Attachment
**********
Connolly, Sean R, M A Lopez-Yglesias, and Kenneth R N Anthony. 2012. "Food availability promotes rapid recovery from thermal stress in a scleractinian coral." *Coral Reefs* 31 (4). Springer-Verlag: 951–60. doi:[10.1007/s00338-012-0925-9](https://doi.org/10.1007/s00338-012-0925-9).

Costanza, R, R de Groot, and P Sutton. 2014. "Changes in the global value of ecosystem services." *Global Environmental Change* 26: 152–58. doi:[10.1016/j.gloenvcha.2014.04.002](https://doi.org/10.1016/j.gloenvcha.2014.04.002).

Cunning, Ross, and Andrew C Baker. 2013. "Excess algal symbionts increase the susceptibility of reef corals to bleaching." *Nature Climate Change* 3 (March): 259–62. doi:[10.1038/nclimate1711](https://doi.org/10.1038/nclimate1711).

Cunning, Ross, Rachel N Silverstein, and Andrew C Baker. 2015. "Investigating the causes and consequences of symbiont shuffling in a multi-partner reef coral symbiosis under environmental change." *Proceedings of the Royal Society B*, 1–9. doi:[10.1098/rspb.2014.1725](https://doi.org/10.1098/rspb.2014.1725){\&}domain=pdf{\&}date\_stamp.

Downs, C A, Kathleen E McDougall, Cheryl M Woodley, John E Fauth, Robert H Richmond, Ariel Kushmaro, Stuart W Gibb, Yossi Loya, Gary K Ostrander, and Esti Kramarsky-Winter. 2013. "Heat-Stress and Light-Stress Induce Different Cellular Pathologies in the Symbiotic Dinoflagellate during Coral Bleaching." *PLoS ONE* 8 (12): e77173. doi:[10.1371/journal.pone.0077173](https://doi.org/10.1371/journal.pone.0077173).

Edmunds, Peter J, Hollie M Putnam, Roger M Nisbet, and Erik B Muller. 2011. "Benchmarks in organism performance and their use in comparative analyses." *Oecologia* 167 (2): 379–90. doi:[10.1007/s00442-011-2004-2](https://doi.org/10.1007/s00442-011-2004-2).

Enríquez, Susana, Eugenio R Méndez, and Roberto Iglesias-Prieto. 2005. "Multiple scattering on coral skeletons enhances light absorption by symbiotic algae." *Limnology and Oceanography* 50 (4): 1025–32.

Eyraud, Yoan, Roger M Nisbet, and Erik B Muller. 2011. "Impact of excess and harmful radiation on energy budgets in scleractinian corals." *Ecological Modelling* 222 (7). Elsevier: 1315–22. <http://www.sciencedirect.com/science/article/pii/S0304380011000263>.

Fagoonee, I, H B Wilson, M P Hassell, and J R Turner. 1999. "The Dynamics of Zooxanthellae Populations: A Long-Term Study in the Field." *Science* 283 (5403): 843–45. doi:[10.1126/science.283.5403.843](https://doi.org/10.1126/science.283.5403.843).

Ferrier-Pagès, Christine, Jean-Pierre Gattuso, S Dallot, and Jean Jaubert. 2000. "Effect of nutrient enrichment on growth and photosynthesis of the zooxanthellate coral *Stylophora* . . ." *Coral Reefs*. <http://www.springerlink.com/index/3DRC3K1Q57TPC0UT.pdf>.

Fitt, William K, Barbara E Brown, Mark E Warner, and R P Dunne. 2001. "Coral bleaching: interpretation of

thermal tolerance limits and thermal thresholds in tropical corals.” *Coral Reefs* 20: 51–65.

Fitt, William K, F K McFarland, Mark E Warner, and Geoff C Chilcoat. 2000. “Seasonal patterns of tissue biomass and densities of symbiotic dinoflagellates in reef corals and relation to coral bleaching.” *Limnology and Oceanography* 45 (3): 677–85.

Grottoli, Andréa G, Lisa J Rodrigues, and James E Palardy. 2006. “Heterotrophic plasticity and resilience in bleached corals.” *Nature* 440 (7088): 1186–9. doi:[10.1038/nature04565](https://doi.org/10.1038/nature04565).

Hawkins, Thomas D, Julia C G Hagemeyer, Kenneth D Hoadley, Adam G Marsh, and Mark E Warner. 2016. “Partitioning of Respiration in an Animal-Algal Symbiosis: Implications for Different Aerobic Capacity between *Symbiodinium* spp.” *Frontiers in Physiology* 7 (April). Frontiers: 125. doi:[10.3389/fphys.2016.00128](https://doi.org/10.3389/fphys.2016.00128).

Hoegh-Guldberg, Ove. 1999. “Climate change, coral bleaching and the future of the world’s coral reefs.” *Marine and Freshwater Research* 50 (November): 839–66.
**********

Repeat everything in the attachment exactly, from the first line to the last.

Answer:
Connolly, Sean R, M A Lopez-Yglesias, and Kenneth R N Anthony. 2012. "Food availability promotes rapid recovery from thermal stress in a scleractinian coral." *Coral Reefs* 31 (4). Springer-Verlag: 951–60. doi:[10.1007/s00338-012-0925-9](https://doi.org/10.1007/s00338-012-0925-9).

Costanza, R, R de Groot, and P Sutton. 2014. "Changes in the global value of ecosystem services." *Global Environmental Change* 26: 152–58. doi:[10.1016/j.gloenvcha.2014.04.002](https://doi.org/10.1016/j.gloenvcha.2014.04.002).

Cunning, Ross, and Andrew C Baker. 2013. "Excess algal symbionts increase the susceptibility of reef corals to bleaching." *Nature Climate Change* 3 (March): 259–62. doi:[10.1038/nclimate1711](https://doi.org/10.1038/nclimate1711).

Cunning, Ross, Rachel N Silverstein, and Andrew C Baker. 2015. "Investigating the causes and consequences of symbiont shuffling in a multi-partner reef coral symbiosis under environmental change." *Proceedings of the Royal Society B*, 1–9. doi:[10.1098/rspb.2014.1725](https://doi.org/10.1098/rspb.2014.1725){\&}domain=pdf{\&}date\_stamp.

Downs, C A, Kathleen E McDougall, Cheryl M Woodley, John E Fauth, Robert H Richmond, Ariel Kushmaro, Stuart W Gibb, Yossi Loya, Gary K Ostrander, and Esti Kramarsky-Winter. 2013. "Heat-Stress and Light-Stress Induce Different Cellular Pathologies in the Symbiotic Dinoflagellate during Coral Bleaching." *PLoS ONE* 8 (12): e77173. doi:[10.1371/journal.pone.0077173](https://doi.org/10.1371/journal.pone.0077173).

Edmunds, Peter J, Hollie M Putnam, Roger M Nisbet, and Erik B Muller. 2011. "Benchmarks in organism performance and their use in comparative analyses." *Oecologia* 167 (2): 379–90. doi:[10.1007/s00442-011-2004-2](https://doi.org/10.1007/s00442-011-2004-2).

Enríquez, Susana, Eugenio R Méndez, and Roberto Iglesias-Prieto. 2005. "Multiple scattering on coral skeletons enhances light absorption by symbiotic algae." *Limnology and Oceanography* 50 (4): 1025–32.

Eyraud, Yoan, Roger M Nisbet, and Erik B Muller. 2011. "Impact of excess and harmful radiation on energy budgets in scleractinian corals." *Ecological Modelling* 222 (7). Elsevier: 1315–22. <http://www.sciencedirect.com/science/article/pii/S0304380011000263>.

Fagoonee, I, H B Wilson, M P Hassell, and J R Turner. 1999. "The Dynamics of Zooxanthellae Populations: A Long-Term Study in the Field." *Science* 283 (5403): 843–45. doi:[10.1126/science.283.5403.843](https://doi.org/10.1126/science.283.5403.843).

Ferrier-Pagès, Christine, Jean-Pierre Gattuso, S Dallot, and Jean Jaubert. 2000. "Effect of nutrient enrichment on growth and photosynthesis of the zooxanthellate coral *Stylophora* . . ." *Coral Reefs*. <http://www.springerlink.com/index/3DRC3K1Q57TPC0UT.pdf>.

Fitt, William K, Barbara E Brown, Mark E Warner, and R P Dunne. 2001. "Coral bleaching: interpretation of

thermal tolerance limits and thermal thresholds in tropical corals.” *Coral Reefs* 20: 51–65.

Fitt, William K, F K McFarland, Mark E Warner, and Geoff C Chilcoat. 2000. “Seasonal patterns of tissue biomass and densities of symbiotic dinoflagellates in reef corals and relation to coral bleaching.” *Limnology and Oceanography* 45 (3): 677–85.

Grottoli, Andréa G, Lisa J Rodrigues, and James E Palardy. 2006. “Heterotrophic plasticity and resilience in bleached corals.” *Nature* 440 (7088): 1186–9. doi:[10.1038/nature04565](https://doi.org/10.1038/nature04565).

Hawkins, Thomas D, Julia C G Hagemeyer, Kenneth D Hoadley, Adam G Marsh, and Mark E Warner. 2016. “Partitioning of Respiration in an Animal-Algal Symbiosis: Implications for Different Aerobic Capacity between *Symbiodinium* spp.” *Frontiers in Physiology* 7 (April). Frontiers: 125. doi:[10.3389/fphys.2016.00128](https://doi.org/10.3389/fphys.2016.00128).

Hoegh-Guldberg, Ove. 1999. “Climate change, coral bleaching and the future of the world’s coral reefs.” *Marine and Freshwater Research* 50 (November): 839–66.